Philippines plans new law to ensure responsible mining
* Duterte says miners pay “too little” in taxes
* Duterte plans to meet miners, anti-mining advocates
* Duterte seeks “fair arrangement” to benefit people (Adds comments from mining executive, former minister)
Philippine President Rodrigo Duterte said on Friday the government will draft a new law for the country’s mining industry, which he said pays too little in tax and not enough in compensation for any environmental damage.
The fate of more than half of 41 mines in the Philippines, the world’s top nickel ore supplier, has been uncertain since February when then Environment Secretary Regina Lopez ordered their closure for causing environmental damage and violating laws.
Lopez led a 10-month industry crackdown until her dismissal in May by the Commission on Appointments following her mining orders, which included a ban on open-pit mining and a demand for a bigger government share in mining revenues.
She was replaced by Duterte’s friend, former military general Roy Cimatu.
“I’d like to tell you frankly, we will come up with new legislation … we have to rearrange everything,” Duterte said in a speech at a business conference in his home town, Davao City.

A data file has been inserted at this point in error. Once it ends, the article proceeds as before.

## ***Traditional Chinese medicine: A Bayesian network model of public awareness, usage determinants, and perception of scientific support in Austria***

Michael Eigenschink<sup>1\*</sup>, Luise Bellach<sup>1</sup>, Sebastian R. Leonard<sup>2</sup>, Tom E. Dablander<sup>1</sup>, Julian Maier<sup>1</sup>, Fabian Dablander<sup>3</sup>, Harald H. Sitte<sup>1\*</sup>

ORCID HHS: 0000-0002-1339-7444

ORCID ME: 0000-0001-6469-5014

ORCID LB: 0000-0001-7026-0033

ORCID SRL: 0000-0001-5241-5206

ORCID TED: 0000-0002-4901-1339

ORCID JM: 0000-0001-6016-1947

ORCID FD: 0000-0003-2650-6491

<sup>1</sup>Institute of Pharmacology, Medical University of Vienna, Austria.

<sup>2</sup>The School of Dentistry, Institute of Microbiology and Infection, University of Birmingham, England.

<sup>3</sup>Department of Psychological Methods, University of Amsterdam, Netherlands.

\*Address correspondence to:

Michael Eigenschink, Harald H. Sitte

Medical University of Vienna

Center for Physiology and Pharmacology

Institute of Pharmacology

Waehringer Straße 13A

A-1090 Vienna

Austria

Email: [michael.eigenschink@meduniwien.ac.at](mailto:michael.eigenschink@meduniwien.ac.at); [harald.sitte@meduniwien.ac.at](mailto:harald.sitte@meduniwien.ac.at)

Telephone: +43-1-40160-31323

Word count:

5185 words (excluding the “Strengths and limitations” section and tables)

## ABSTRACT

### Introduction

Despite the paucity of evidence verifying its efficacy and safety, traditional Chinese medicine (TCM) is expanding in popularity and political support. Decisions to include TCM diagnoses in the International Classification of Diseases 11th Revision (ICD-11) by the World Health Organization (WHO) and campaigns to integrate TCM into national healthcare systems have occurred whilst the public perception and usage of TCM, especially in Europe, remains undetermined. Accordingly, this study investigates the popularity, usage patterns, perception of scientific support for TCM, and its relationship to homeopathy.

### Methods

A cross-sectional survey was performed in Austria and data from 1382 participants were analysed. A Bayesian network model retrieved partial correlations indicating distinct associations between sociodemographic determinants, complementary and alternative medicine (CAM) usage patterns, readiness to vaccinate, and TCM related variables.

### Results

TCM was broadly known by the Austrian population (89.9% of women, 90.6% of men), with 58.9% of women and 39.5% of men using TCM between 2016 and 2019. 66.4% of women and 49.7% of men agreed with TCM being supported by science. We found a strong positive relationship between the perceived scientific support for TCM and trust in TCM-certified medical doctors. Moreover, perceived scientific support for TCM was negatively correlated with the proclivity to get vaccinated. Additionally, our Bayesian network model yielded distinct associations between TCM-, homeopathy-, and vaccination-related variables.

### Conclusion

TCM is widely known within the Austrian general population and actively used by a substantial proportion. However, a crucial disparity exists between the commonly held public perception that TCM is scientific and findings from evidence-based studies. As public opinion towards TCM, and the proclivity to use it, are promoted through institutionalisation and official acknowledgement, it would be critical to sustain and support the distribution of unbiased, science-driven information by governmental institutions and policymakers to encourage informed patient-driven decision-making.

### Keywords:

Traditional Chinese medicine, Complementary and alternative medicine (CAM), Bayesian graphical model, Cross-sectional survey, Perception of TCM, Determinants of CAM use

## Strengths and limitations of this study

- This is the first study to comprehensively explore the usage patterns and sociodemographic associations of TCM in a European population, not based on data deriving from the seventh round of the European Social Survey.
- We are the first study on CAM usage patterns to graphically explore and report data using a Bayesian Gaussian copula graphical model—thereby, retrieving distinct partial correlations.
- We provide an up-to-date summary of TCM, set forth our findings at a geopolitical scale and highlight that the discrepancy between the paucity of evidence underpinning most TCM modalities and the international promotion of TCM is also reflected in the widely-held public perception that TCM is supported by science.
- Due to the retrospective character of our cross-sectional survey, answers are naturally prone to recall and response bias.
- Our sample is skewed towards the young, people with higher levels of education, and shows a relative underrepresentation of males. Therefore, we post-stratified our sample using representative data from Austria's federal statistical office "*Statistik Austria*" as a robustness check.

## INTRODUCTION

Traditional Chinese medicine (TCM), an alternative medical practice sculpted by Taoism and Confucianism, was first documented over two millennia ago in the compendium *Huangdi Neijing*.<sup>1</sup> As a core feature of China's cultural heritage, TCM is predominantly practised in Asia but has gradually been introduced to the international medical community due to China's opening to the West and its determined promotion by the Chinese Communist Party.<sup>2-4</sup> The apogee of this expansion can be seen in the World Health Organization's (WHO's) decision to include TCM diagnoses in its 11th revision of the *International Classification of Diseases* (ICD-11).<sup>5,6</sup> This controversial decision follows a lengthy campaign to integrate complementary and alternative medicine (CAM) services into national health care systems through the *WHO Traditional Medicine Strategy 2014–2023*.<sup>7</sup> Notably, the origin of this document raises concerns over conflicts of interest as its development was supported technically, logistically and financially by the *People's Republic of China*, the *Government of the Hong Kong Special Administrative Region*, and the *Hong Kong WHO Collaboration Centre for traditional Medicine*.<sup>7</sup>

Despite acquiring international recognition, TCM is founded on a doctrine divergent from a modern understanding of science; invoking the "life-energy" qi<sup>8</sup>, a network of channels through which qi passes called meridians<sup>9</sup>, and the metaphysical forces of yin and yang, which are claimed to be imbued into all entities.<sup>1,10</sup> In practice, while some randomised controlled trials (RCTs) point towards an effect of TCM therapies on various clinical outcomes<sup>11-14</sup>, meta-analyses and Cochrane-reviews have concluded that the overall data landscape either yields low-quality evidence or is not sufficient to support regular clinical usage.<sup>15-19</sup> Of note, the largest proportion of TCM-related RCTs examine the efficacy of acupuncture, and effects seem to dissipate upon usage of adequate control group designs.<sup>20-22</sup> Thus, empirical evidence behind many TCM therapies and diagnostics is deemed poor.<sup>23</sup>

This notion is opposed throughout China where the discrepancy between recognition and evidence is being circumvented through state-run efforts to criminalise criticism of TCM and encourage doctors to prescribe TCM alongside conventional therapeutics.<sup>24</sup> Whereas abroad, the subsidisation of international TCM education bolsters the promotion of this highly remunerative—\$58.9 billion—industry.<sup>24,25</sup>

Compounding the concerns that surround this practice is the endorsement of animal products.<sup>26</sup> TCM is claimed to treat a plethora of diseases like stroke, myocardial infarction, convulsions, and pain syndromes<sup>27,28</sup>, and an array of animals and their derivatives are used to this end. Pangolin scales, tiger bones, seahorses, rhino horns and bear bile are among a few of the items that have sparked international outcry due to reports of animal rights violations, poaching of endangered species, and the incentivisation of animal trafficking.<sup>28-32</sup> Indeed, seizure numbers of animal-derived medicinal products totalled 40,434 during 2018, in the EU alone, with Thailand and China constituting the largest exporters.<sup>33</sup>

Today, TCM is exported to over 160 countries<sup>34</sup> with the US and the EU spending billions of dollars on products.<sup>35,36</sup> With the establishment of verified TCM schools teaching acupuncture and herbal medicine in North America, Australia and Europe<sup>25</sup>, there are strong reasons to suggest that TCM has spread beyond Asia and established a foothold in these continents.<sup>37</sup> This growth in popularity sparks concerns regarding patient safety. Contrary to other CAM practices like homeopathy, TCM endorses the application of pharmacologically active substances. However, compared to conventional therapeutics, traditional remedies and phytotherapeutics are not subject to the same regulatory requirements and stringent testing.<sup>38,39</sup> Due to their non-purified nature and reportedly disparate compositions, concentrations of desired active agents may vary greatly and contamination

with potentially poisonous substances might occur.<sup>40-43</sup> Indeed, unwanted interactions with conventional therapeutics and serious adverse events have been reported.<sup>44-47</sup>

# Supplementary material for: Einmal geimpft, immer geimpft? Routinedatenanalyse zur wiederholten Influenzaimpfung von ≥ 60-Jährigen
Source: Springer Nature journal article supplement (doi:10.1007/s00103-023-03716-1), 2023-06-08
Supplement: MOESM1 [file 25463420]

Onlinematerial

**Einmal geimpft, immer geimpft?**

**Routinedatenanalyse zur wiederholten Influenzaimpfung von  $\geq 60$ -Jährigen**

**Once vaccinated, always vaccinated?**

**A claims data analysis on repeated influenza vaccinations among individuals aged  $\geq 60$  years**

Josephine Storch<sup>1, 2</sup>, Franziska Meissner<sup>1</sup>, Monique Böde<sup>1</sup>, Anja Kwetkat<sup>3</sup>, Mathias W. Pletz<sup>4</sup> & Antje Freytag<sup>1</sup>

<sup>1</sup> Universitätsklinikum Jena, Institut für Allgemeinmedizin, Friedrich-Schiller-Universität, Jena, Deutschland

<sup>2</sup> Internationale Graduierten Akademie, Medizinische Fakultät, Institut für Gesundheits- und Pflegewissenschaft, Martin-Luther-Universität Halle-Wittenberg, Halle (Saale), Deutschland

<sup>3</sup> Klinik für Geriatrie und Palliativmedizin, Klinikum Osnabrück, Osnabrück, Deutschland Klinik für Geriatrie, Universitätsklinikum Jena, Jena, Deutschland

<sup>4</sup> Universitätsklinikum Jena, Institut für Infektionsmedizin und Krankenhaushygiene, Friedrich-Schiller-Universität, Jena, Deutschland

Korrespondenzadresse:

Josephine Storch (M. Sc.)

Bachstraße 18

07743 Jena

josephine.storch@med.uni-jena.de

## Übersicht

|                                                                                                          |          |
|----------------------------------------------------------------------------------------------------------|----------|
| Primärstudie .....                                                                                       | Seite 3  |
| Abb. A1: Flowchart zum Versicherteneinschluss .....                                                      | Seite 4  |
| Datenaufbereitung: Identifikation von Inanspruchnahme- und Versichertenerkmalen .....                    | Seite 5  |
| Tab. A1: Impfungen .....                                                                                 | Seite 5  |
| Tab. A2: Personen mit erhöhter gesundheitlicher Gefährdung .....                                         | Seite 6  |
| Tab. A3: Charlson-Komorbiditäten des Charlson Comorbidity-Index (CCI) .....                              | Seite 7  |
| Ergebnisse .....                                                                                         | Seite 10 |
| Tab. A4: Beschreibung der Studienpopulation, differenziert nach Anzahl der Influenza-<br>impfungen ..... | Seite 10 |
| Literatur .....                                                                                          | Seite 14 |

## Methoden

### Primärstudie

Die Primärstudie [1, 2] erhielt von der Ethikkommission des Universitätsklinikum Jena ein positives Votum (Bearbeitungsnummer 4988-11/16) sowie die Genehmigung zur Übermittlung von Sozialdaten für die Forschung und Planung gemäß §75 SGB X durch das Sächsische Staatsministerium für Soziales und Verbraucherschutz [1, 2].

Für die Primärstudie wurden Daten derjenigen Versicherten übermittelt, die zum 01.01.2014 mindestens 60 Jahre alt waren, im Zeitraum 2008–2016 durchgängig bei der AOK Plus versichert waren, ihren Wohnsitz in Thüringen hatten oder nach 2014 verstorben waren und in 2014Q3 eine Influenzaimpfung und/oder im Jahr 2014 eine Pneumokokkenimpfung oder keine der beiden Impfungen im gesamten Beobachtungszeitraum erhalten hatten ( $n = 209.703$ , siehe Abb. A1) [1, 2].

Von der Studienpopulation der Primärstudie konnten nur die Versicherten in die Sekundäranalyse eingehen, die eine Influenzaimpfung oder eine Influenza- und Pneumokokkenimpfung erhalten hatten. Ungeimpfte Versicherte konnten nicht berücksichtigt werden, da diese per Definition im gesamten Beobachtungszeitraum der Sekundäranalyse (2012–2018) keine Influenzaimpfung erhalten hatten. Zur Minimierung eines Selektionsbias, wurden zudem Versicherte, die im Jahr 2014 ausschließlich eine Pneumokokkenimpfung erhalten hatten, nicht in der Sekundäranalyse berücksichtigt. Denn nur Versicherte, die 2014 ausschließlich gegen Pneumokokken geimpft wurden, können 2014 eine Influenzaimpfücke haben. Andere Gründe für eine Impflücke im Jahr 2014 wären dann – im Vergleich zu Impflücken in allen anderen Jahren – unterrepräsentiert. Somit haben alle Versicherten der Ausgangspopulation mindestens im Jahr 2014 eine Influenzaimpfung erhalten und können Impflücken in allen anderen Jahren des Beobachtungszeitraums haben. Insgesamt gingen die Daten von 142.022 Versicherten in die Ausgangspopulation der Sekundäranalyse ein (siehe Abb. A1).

Duterte also said he would invite all industry stakeholders to the presidential palace for a dialogue together with former environment minister Lopez and other anti-mining advocates.
Duterte said he has always been supportive of Lopez’s pro-environment stance but could not stop mining because there is a law that allows the miners to continue to operate.
He also complained that the taxes miners pay are “too low” and lamented the lack of compensation to mining communities that suffer from environmental damage.
The Philippines’ No. 2 nickel ore producer, Global Ferronickel Holdings Inc welcomed Duterte’s invitation, saying a dialogue will help clarify problems with mining.
But Dante Bravo, president of Global Ferronickel, said his company has been paying a lot of taxes already, including a 30 percent regular corporate income tax, a 5 percent royalty on mineral reservation and a 2 percent excise tax, both based on gross sales.
“You sum it up, it is so heavy,” he told Reuters.
Duterte did not say when the meeting would take place but he said he planned to show industry stakeholders footage shown to him by anti-mining advocates, including Lopez, about the environmental destruction, as well as examples of good practices in mining.
“I will tell (them), look at the slides about good practices of mining, and I will ask everybody to focus on that,” he said. “Then let’s also look at the slides on mining gone awry.”
He also urged mining companies to “come up with an arrangement that is fair to everybody.”
Lopez, now an environmental advocate and TV travel show host, immediately thanked Duterte and said his “fearless stand” will help the country “see the light of day.”
“I can assure you a green economy based on love (for the environment) will be much more dynamic and all-embracing than an extractive one based on greed and selfishness,” Lopez said in a message to Duterte via a Facebook post. (Reporting by Enrico dela Cruz; Editing by Jane Merriman and Adrian Croft)
By Enrico Dela Cruz